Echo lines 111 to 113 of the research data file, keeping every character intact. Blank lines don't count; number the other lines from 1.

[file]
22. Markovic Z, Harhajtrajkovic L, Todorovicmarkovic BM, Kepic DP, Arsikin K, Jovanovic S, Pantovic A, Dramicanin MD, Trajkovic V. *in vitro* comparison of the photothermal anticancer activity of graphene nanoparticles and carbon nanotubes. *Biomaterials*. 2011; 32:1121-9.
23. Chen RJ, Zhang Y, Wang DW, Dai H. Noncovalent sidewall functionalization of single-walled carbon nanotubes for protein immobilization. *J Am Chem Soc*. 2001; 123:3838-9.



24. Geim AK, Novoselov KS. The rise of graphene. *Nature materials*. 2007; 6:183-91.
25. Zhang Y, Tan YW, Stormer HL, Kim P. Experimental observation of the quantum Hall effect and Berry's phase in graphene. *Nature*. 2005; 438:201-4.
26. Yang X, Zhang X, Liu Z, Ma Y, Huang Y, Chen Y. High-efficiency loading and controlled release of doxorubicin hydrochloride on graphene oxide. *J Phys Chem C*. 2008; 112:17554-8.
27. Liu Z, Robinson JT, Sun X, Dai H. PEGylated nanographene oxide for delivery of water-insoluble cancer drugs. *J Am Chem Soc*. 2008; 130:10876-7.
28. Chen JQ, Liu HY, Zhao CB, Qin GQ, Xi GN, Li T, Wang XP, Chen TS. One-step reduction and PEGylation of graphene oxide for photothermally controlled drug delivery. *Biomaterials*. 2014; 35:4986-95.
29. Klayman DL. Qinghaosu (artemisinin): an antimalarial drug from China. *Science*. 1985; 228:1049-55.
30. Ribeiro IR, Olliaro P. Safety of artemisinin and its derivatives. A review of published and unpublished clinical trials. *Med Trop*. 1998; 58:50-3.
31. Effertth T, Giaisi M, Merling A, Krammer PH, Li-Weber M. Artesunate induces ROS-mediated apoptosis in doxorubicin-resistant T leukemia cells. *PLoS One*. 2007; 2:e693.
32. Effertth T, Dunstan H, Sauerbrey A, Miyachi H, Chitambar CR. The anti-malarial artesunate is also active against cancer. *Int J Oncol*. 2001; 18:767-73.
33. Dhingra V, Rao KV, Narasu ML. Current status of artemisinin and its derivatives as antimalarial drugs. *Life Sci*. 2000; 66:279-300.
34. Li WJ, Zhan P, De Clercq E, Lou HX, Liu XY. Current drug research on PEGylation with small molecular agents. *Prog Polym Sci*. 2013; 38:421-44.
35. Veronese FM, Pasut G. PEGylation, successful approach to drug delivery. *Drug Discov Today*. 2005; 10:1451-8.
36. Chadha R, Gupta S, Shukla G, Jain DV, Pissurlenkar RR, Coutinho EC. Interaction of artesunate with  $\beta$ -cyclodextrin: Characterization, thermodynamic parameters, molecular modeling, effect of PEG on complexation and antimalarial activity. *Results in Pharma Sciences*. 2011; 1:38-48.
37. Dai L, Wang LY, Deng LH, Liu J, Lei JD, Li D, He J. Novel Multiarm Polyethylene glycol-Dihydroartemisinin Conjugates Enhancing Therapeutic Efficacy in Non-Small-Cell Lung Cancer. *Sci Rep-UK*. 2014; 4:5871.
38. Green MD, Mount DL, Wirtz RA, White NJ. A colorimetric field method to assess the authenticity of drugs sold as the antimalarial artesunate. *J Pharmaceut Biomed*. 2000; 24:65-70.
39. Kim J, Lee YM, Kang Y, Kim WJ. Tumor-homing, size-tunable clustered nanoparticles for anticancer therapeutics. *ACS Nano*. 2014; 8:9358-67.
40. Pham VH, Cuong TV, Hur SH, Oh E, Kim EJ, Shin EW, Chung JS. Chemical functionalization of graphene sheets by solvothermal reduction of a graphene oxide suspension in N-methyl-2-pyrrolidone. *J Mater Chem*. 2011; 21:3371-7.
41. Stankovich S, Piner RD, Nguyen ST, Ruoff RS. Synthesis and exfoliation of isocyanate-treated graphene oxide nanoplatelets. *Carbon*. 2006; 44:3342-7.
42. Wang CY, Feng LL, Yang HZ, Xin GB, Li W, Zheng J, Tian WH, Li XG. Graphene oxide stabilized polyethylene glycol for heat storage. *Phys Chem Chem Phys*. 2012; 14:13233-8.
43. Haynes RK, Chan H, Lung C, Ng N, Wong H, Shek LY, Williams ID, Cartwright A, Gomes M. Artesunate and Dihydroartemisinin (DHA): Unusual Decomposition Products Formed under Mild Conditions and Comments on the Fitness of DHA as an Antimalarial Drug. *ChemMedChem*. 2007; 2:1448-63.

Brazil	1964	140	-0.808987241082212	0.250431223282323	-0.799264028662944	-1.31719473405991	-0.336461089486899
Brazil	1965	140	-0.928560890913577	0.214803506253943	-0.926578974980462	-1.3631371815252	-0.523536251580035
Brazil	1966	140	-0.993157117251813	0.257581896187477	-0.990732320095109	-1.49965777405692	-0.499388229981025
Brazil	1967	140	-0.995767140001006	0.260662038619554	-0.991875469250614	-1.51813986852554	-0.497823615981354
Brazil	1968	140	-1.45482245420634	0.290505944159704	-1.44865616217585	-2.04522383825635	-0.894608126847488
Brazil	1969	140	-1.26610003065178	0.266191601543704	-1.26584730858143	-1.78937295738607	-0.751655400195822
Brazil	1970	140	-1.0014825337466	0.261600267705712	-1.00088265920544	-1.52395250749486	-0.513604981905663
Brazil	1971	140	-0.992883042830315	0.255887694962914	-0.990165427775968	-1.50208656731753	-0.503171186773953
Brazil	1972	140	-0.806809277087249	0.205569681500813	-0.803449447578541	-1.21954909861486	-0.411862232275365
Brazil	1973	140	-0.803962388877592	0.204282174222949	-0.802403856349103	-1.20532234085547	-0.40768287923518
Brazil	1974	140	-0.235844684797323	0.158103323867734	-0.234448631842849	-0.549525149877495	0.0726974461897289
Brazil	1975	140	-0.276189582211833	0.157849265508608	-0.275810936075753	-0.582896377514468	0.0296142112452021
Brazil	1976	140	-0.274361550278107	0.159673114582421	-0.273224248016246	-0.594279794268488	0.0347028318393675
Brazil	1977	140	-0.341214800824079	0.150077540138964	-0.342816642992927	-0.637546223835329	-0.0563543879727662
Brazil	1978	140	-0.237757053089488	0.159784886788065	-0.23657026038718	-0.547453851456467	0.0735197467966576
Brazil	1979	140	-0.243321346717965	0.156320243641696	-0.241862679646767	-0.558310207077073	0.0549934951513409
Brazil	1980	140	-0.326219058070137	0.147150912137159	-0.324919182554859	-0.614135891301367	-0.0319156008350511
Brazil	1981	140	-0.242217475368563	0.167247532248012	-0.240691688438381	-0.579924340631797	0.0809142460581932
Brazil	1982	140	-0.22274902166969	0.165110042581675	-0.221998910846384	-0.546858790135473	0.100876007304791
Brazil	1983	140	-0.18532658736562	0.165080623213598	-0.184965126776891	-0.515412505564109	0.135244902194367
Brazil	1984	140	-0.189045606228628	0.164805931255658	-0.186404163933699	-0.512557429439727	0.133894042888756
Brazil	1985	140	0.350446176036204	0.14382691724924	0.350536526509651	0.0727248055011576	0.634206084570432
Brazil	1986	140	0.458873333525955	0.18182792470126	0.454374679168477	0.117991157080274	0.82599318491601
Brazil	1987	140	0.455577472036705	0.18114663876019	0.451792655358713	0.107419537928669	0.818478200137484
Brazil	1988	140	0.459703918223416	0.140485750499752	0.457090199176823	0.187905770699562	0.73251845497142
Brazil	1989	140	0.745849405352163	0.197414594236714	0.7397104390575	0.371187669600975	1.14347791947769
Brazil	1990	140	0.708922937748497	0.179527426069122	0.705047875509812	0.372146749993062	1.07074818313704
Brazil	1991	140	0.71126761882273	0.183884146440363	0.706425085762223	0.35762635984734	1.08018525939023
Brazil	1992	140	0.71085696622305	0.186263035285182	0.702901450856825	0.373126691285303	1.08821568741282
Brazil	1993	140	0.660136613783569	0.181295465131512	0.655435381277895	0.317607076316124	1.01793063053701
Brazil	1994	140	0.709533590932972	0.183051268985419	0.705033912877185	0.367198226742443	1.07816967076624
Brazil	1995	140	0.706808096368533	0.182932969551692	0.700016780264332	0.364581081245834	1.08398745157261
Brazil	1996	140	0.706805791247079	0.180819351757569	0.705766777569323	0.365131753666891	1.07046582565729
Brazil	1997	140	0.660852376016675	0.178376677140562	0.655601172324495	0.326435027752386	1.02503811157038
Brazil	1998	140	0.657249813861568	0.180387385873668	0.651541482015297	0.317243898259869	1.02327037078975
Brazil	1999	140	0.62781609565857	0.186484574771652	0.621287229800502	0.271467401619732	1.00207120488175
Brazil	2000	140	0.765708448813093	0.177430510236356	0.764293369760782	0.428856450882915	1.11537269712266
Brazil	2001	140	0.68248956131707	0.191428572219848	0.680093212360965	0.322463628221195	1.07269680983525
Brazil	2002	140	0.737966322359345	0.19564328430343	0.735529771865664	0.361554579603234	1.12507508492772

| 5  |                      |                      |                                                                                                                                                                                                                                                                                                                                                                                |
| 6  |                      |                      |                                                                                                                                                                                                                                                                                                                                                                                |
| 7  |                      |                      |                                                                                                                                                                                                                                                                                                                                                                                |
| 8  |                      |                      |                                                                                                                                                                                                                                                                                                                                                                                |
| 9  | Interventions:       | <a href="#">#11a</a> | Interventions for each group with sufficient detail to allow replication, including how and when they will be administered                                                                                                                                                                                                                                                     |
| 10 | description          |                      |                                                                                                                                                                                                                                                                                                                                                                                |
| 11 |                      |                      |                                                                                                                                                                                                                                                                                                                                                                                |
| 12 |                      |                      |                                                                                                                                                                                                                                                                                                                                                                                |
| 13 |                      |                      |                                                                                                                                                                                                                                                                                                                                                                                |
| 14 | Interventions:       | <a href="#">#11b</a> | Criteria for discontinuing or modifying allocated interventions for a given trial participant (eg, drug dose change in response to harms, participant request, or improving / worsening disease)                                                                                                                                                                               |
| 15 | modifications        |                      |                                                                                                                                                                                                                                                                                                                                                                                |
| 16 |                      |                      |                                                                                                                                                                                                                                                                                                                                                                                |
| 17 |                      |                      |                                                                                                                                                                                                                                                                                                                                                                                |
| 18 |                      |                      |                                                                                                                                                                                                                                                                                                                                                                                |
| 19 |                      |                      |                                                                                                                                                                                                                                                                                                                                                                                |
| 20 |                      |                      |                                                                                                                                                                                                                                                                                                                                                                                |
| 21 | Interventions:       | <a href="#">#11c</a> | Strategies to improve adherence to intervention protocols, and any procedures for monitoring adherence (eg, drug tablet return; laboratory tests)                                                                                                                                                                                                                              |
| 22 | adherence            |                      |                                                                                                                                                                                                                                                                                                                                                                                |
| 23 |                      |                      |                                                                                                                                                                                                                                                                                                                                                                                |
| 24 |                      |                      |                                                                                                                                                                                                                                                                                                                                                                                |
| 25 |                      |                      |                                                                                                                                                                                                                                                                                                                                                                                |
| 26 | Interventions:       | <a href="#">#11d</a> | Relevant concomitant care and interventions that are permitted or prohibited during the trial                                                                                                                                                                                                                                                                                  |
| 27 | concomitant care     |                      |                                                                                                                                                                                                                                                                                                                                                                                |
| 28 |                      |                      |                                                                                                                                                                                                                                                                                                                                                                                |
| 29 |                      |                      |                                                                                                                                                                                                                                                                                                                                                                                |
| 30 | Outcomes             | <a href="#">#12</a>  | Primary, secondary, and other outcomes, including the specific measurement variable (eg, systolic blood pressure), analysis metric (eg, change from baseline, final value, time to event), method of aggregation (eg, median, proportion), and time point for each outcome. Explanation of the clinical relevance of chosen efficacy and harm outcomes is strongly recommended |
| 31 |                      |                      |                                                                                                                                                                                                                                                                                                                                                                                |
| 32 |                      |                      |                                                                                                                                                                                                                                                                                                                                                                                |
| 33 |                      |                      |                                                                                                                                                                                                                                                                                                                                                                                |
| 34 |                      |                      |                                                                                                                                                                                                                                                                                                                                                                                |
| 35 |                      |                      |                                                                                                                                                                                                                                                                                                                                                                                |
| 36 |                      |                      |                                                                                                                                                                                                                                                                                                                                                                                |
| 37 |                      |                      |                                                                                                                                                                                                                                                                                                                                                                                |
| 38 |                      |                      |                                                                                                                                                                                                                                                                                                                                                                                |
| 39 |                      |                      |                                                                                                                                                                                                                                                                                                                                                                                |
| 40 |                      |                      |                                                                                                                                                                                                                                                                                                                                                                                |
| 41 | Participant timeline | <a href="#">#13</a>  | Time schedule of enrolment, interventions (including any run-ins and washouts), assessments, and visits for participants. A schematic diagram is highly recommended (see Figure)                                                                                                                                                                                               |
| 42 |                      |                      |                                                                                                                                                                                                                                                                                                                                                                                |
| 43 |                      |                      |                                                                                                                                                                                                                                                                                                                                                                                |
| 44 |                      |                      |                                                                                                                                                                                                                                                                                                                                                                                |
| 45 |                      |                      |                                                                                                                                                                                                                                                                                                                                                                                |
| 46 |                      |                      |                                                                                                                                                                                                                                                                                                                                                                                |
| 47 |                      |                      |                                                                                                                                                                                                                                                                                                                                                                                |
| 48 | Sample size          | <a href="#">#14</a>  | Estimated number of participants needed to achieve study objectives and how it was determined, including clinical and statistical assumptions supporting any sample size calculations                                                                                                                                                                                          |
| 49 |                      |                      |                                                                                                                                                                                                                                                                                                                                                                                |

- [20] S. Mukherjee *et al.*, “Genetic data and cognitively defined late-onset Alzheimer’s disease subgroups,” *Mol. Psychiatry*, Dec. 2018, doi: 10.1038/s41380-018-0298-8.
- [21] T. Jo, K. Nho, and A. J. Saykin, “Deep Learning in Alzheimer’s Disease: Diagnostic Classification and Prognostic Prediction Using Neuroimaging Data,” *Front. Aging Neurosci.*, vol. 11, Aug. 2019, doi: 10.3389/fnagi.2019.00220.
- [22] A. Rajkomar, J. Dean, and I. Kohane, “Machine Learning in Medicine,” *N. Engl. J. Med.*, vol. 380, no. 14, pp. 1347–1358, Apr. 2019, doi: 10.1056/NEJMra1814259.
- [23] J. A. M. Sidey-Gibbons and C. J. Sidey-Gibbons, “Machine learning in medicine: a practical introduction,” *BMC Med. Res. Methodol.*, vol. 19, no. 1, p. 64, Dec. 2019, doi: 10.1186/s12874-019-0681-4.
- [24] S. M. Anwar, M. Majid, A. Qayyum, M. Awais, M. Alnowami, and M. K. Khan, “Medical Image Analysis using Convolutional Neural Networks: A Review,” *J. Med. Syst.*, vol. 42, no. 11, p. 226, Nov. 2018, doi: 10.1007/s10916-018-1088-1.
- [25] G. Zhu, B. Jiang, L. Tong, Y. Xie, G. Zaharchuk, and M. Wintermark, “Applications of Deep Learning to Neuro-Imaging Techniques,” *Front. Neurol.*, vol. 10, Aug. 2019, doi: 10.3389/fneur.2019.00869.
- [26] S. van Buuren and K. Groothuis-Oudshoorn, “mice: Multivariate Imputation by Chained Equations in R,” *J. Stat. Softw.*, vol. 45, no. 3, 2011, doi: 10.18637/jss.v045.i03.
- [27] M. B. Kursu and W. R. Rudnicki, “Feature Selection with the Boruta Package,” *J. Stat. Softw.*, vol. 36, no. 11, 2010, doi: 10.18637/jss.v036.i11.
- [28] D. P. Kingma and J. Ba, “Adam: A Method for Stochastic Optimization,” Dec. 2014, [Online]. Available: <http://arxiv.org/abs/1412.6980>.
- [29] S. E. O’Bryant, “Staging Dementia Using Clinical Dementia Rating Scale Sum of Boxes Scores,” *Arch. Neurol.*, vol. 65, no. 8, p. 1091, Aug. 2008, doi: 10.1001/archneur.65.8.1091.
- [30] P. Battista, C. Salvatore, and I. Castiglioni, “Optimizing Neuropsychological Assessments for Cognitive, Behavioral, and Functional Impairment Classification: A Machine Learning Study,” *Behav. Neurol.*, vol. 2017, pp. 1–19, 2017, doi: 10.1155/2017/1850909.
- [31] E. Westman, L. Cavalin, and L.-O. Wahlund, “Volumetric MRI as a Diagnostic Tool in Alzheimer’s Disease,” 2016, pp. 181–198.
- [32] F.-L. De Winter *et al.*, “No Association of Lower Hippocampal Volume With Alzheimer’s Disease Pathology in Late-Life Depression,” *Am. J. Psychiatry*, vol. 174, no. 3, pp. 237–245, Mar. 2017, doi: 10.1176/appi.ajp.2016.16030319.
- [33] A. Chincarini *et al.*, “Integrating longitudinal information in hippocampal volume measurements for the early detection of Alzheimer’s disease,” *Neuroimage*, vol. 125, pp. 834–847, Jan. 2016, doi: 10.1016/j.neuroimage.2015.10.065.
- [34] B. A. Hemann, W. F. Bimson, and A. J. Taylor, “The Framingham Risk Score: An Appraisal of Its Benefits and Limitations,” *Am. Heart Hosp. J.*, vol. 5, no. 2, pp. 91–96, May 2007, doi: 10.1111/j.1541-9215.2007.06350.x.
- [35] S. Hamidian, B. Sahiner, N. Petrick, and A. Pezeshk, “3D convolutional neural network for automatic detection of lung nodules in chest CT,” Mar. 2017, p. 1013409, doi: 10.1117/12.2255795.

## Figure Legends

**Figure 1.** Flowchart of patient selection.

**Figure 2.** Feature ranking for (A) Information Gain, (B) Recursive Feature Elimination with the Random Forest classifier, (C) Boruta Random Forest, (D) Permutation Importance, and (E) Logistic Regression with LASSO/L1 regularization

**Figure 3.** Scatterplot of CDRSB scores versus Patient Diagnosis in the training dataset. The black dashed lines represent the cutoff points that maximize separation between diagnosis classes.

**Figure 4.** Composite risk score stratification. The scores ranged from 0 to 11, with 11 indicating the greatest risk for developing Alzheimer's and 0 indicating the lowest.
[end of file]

- [24] S. M. Anwar, M. Majid, A. Qayyum, M. Awais, M. Alnowami, and M. K. Khan, “Medical Image Analysis using Convolutional Neural Networks: A Review,” *J. Med. Syst.*, vol. 42, no. 11, p. 226, Nov. 2018, doi: 10.1007/s10916-018-1088-1.
- [25] G. Zhu, B. Jiang, L. Tong, Y. Xie, G. Zaharchuk, and M. Wintermark, “Applications of Deep Learning to Neuro-Imaging Techniques,” *Front. Neurol.*, vol. 10, Aug. 2019, doi: 10.3389/fneur.2019.00869.
- [26] S. van Buuren and K. Groothuis-Oudshoorn, “mice: Multivariate Imputation by Chained Equations in R,” *J. Stat. Softw.*, vol. 45, no. 3, 2011, doi: 10.18637/jss.v045.i03.